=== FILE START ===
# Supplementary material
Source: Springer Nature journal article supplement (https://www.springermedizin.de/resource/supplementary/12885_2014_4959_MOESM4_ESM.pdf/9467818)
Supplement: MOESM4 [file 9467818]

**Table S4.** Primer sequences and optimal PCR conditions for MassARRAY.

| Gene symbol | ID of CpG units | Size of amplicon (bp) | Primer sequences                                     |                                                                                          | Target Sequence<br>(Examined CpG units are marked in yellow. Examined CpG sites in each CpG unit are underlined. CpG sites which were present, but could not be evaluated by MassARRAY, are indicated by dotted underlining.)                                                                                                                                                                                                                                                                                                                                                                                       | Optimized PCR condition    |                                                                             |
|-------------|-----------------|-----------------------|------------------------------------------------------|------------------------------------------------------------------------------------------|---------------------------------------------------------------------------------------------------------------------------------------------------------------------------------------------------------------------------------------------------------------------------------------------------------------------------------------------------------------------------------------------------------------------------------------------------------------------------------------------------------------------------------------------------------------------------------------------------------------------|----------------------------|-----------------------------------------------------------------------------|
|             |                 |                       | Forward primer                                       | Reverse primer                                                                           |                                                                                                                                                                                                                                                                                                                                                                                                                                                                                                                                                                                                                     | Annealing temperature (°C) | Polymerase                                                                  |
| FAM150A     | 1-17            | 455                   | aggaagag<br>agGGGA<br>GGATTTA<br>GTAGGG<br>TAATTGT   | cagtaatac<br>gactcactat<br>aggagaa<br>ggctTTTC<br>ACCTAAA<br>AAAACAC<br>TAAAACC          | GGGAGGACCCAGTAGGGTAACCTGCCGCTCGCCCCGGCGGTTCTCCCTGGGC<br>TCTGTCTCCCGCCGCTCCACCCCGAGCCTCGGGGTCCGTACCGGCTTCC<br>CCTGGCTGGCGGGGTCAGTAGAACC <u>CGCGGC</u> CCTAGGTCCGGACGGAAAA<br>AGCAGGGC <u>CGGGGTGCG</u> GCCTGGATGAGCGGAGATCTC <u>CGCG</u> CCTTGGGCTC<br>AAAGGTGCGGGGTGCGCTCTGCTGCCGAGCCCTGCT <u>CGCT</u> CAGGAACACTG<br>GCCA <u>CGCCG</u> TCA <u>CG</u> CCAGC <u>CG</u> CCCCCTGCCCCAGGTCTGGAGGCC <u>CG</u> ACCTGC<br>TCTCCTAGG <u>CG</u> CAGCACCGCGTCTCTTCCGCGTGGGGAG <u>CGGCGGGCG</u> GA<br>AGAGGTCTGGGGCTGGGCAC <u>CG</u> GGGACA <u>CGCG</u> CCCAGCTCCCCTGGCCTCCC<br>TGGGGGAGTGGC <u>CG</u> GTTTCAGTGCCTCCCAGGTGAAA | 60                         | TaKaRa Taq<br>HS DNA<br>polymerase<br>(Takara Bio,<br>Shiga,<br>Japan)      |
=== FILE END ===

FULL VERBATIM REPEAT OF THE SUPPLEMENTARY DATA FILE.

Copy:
# Supplementary material
Source: Springer Nature journal article supplement (https://www.springermedizin.de/resource/supplementary/12885_2014_4959_MOESM4_ESM.pdf/9467818)
Supplement: MOESM4 [file 9467818]

**Table S4.** Primer sequences and optimal PCR conditions for MassARRAY.

| Gene symbol | ID of CpG units | Size of amplicon (bp) | Primer sequences                                     |                                                                                          | Target Sequence<br>(Examined CpG units are marked in yellow. Examined CpG sites in each CpG unit are underlined. CpG sites which were present, but could not be evaluated by MassARRAY, are indicated by dotted underlining.)                                                                                                                                                                                                                                                                                                                                                                                       | Optimized PCR condition    |                                                                             |
|-------------|-----------------|-----------------------|------------------------------------------------------|------------------------------------------------------------------------------------------|---------------------------------------------------------------------------------------------------------------------------------------------------------------------------------------------------------------------------------------------------------------------------------------------------------------------------------------------------------------------------------------------------------------------------------------------------------------------------------------------------------------------------------------------------------------------------------------------------------------------|----------------------------|-----------------------------------------------------------------------------|
|             |                 |                       | Forward primer                                       | Reverse primer                                                                           |                                                                                                                                                                                                                                                                                                                                                                                                                                                                                                                                                                                                                     | Annealing temperature (°C) | Polymerase                                                                  |
| FAM150A     | 1-17            | 455                   | aggaagag<br>agGGGA<br>GGATTTA<br>GTAGGG<br>TAATTGT   | cagtaatac<br>gactcactat<br>aggagaa<br>ggctTTTC<br>ACCTAAA<br>AAAACAC<br>TAAAACC          | GGGAGGACCCAGTAGGGTAACCTGCCGCTCGCCCCGGCGGTTCTCCCTGGGC<br>TCTGTCTCCCGCCGCTCCACCCCGAGCCTCGGGGTCCGTACCGGCTTCC<br>CCTGGCTGGCGGGGTCAGTAGAACC <u>CGCGGC</u> CCTAGGTCCGGACGGAAAA<br>AGCAGGGC <u>CGGGGTGCG</u> GCCTGGATGAGCGGAGATCTC <u>CGCG</u> CCTTGGGCTC<br>AAAGGTGCGGGGTGCGCTCTGCTGCCGAGCCCTGCT <u>CGCT</u> CAGGAACACTG<br>GCCA <u>CGCCG</u> TCA <u>CG</u> CCAGC <u>CG</u> CCCCCTGCCCCAGGTCTGGAGGCC <u>CG</u> ACCTGC<br>TCTCCTAGG <u>CG</u> CAGCACCGCGTCTCTTCCGCGTGGGGAG <u>CGGCGGGCG</u> GA<br>AGAGGTCTGGGGCTGGGCAC <u>CG</u> GGGACA <u>CGCG</u> CCCAGCTCCCCTGGCCTCCC<br>TGGGGGAGTGGC <u>CG</u> GTTTCAGTGCCTCCCAGGTGAAA | 60                         | TaKaRa Taq<br>HS DNA<br>polymerase<br>(Takara Bio,<br>Shiga,<br>Japan)      |